Over the next few years the CALM team worked on a number of SHEFC projects. MARBLE produced a web-delivered diagnostic test for students at the start of year 1 of a traditional science and engineering service mathematics course. SUMSMAN [5] brought most of the Scottish Universities into collaboration on the preparation of resources to help teach Mathematics. SUMSMAN had several themes but pertinent to this article a number of end-of-module tests were completed for Mathwise core modules with the full cooperation of the Mathwise Executive. Many of these tests have found their way onto the two commercial CDs currently available from the Numerical Algorithm Group at Oxford [6].

Interactive PastPapers

Meanwhile in 1995 CALM was awarded the prestigious Bank of Scotland Award to Higher Education for its innovative teaching. With the prize money further commercial CDs have been created. Known as Interactive PastPapers, this series enhances many of the features of Mathwise, providing excellent revision software for students wishing to practise typical A-Level or GCSE questions [7]. This technology currently provides Heriot-Watt with continuous assessment software to deliver marks for approximately 400 students per year in each of the terms 1, 2 and 3 on its Riccarton campus.

Over the last couple of years CALM has developed a number of strategic alliances with a leading UK Examination Board (University of Cambridge Local Examination Syndicate) and a local software house in West Lothian (EQL). Our technology has migrated to provide both PC and web-delivered tests with many of the features of our earlier products. However, now we have separated the questions from the delivery mechanism so that our questions can be stored as xml files and re-used more flexibly. A question editor accompanies this new suite of software and currently provides the user with the chance to author questions in the style of Interactive PastPapers but with only a fraction of the preparation time needed to author inside a package like Authorware.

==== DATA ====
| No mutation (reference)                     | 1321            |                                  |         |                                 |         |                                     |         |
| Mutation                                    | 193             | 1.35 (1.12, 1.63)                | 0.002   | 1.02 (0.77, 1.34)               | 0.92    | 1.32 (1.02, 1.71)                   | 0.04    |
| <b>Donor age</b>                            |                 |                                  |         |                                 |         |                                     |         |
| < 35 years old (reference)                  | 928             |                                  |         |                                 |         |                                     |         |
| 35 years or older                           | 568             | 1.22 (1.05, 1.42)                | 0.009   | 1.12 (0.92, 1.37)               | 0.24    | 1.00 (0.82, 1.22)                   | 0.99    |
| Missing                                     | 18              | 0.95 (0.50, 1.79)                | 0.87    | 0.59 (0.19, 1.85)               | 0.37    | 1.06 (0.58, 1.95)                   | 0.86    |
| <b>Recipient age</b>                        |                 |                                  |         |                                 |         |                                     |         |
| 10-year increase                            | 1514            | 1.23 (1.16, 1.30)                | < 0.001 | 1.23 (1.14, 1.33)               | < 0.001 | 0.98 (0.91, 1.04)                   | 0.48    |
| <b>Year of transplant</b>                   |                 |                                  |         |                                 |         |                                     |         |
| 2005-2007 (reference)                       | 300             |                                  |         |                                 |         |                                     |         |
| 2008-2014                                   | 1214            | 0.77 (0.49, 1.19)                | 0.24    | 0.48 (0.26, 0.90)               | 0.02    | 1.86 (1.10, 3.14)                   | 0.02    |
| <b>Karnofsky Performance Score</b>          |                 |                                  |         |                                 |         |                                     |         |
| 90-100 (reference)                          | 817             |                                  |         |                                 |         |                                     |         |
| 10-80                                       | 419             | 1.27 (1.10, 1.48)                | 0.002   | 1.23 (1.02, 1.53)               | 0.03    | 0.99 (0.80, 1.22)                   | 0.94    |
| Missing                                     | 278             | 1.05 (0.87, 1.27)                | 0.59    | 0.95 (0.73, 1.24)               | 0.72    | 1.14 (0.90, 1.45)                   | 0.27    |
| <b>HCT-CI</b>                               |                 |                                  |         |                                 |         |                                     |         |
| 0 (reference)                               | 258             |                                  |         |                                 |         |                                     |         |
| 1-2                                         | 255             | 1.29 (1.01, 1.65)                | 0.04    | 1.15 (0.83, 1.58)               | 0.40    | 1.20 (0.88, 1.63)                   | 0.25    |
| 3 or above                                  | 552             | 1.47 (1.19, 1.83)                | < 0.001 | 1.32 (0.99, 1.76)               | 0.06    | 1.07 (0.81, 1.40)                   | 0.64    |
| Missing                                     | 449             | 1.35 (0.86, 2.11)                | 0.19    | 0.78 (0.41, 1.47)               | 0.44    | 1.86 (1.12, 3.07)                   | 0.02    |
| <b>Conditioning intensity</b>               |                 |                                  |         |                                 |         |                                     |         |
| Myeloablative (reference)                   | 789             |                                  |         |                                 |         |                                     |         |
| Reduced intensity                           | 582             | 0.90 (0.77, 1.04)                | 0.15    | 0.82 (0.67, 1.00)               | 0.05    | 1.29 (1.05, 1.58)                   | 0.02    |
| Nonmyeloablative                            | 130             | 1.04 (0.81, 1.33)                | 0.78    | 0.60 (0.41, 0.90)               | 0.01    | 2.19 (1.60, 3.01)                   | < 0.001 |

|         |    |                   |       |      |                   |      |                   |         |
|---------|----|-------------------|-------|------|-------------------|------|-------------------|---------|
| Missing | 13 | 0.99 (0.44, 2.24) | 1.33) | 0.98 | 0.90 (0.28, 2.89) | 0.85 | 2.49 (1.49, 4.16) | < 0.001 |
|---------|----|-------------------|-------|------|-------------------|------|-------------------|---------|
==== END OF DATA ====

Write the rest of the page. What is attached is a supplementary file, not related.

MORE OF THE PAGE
What to the Future?

Over the last fifteen years there has been a rapid development of computer-based assessment in all academic subjects. At the start of a new phase in the support infrastructure for academics with the creation of the Learning and Teaching Support Network it is appropriate that we should stop and reflect as a mathematical community to ask what we expect of the next generation of mathematical assessment software.

In an article in the first newsletter of the Learning and Teaching Support Network Centre for Maths, Stats and OR, Greenhow [8] has succinctly described the role of objective testing. He explains the current feature set of the QuestionMark product enumerating the different question types available to the user. He summarises too the question types that may not yet be appropriate for computer delivery. The computer remains an excellent choice for questions that test basic skills and knowledge. The jury is still out on whether it can be adapted and be sufficiently flexible to support questions that seek to test more complex skills and understanding. It has been the philosophy of the CALM group that at the very least some complex skills can be practised using the computer as an automatic prompt and assessor.